Wednesday, February 27, 2013

Freedom on Buses, Computers and Everywhere

English: Photograph of Rosa Parks with Dr. Mar...
Rosa Parks (ca. 1955)
(Photo credit: Wikipedia)

Today, I watched the president of the USA speak at the installation of the statue of Rosa Parks. She was an icon of the US movement for civil rights when I was just a child.

He said,
"Whether out of inertia or selfishness, whether out of fear or a simple lack of moral imagination we so often spend our lives as if in a fog, accepting injustice, rationalizing inequity, tolerating the intolerable like the bus driver but also like the passengers on the bus. We see the way things are, children hungry in a land of plenty, entire neighbourhoods ravaged by violence, families hobbled by job-loss or illness and we make excuses for inaction. We say to ourselves that's not my responsibility. There's nothing I can do. Rosa Parks tells us there's always something we can do. She tells us that we all have responsibilities to ourselves and to one another. She reminds us this is how change happens. Not mainly through the exploits of the famous and the powerful but through the countless acts of often anonymous courage and kindness and fellow feeling and responsibility that continually stubbornly expand our conception of justice, our conception of what is possible. Rosa Parks' singular act of disobedience launched a movement. "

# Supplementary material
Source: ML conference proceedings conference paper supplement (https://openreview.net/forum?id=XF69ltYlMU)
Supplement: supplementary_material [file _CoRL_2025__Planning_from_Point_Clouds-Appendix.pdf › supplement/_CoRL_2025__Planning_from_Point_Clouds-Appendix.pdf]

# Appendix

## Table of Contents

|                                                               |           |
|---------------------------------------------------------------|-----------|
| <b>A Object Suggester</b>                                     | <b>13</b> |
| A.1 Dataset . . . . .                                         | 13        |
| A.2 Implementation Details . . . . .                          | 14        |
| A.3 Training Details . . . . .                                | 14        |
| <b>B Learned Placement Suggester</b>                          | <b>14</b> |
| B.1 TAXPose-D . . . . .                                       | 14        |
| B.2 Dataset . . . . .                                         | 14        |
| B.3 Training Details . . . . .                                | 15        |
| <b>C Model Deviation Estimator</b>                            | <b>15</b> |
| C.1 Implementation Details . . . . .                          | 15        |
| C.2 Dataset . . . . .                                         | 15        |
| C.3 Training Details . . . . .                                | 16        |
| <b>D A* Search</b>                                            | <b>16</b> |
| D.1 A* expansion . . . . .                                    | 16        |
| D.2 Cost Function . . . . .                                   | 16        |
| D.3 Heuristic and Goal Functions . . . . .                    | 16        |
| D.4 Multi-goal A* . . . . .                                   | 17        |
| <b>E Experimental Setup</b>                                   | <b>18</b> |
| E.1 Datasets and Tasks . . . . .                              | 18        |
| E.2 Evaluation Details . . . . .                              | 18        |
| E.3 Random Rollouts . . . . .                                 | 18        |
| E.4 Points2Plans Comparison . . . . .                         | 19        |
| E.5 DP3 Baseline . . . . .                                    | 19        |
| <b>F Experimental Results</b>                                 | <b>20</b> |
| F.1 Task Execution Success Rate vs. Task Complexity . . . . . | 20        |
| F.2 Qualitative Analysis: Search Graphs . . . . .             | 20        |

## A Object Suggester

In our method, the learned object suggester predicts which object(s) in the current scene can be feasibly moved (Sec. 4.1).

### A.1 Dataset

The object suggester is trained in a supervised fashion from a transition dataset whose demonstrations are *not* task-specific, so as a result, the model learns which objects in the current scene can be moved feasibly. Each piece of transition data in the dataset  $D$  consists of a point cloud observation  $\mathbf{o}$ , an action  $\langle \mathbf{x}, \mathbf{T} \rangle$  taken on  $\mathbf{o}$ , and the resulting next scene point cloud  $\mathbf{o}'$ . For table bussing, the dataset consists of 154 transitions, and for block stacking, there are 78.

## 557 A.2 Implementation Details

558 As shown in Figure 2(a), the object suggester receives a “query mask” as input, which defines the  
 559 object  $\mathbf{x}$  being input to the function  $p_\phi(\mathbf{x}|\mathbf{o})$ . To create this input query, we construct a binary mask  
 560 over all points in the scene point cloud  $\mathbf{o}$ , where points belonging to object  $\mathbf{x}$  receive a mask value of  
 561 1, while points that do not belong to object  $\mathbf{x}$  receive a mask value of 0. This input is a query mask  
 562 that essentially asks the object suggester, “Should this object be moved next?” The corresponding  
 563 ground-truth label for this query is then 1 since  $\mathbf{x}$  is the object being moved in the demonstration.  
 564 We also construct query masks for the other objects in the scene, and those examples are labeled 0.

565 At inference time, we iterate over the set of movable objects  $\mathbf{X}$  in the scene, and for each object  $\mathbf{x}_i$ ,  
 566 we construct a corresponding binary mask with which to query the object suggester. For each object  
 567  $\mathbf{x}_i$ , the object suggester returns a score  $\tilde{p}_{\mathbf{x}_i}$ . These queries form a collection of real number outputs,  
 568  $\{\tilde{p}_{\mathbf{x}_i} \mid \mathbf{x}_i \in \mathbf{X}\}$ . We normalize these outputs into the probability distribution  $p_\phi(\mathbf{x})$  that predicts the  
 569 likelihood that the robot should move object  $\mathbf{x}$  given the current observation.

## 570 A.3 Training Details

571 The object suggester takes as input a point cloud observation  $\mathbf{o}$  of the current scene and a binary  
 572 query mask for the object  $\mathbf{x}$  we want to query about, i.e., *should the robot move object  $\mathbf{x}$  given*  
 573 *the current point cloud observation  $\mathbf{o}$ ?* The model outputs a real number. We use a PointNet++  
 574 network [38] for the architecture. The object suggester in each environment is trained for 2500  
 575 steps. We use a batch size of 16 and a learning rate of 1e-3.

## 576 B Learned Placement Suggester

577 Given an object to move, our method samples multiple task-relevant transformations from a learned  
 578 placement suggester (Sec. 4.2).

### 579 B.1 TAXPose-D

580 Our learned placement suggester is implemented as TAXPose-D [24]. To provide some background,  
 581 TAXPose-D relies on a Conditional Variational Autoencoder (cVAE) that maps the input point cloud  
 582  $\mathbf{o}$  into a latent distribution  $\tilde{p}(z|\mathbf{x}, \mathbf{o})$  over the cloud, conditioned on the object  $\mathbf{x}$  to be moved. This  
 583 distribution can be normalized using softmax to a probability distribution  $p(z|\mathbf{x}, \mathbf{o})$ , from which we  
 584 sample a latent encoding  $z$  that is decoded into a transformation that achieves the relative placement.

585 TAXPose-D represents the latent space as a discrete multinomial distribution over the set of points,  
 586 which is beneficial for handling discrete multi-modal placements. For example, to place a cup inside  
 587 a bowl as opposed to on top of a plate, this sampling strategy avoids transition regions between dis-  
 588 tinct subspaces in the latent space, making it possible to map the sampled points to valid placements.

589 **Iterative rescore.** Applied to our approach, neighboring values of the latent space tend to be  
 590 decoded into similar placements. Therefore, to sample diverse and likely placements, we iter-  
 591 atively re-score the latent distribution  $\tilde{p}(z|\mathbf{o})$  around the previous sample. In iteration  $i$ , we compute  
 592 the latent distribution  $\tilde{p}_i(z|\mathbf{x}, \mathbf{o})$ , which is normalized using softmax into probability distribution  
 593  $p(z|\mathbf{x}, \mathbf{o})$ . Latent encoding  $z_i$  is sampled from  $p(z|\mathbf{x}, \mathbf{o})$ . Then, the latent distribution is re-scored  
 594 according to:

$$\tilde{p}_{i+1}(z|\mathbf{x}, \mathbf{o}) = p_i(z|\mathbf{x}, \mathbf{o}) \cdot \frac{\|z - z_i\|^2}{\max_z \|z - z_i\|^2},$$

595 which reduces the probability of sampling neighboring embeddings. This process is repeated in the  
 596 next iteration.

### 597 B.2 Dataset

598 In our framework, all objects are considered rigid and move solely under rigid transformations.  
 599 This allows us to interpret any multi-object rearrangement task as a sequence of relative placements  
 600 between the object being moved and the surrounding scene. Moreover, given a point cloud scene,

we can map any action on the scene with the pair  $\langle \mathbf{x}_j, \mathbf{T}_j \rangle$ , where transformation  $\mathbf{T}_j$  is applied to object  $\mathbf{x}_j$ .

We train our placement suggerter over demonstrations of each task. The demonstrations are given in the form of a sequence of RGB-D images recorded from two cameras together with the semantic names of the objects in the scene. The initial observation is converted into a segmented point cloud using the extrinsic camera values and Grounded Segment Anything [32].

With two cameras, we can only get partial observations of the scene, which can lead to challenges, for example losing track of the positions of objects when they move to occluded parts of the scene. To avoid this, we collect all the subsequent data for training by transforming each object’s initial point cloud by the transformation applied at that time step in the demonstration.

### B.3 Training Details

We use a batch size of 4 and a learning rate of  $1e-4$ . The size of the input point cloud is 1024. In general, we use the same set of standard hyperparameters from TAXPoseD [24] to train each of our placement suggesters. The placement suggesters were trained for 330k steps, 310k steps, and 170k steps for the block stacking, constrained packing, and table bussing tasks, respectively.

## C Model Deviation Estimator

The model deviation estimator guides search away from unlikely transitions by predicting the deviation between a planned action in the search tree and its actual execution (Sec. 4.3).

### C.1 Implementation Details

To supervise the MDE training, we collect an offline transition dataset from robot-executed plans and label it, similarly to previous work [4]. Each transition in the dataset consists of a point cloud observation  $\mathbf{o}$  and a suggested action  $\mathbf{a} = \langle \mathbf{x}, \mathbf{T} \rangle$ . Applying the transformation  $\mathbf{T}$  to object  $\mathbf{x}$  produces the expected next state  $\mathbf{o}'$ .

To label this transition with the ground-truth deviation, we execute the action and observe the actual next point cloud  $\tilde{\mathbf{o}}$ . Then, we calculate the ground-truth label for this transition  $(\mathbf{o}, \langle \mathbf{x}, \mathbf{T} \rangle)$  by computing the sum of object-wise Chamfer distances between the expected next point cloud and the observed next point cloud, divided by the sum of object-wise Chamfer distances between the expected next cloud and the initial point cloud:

In the world of computers we have our own Rosa Parks, Richard Stallman, who expanded the concept of freedom to include:

  • running the software,
  • examining the software,
  • modifying the software, and
  • distributing the software.

To some, these are wild, impractical concepts but they are living in a fog, not seeing the Digital Divide which excludes the poor or remote people from having good information technology. They don't see the unfairness of owning a computer but being forbidden reasonable use of it through unconscionable requirements of a licensing agreement designed to enrich some monopolist. They don't see the cruel waste of resources when a system must be rebooted to save it from waves of malware tolerated by the rich and powerful. They don't see the huge inefficiency of paying many times over what an operating system or other software should cost in a competitive market. They don't see the unfairness of users being forced to pay for a licence for X because they are using software Y. Multiplied injustice is a more heinous injustice. They don't see the unfairness of excluding the bulk of mankind from making better software.

On the other hand, freedom everywhere is the right way to do things. Freedom makes families better with youngsters able to grow happy and healthy in all ways. Freedom makes businesses better by allowing hard work and creativity to flourish. Freedom makes governments better by making sure everyone has a say. Freedom makes schools better by opening the minds of the young to new ideas. Freedom is the right way to do IT. Without restrictions on what can be done with software all of us can do more with IT, stuff we can buy, build and use in whatever way suits us better.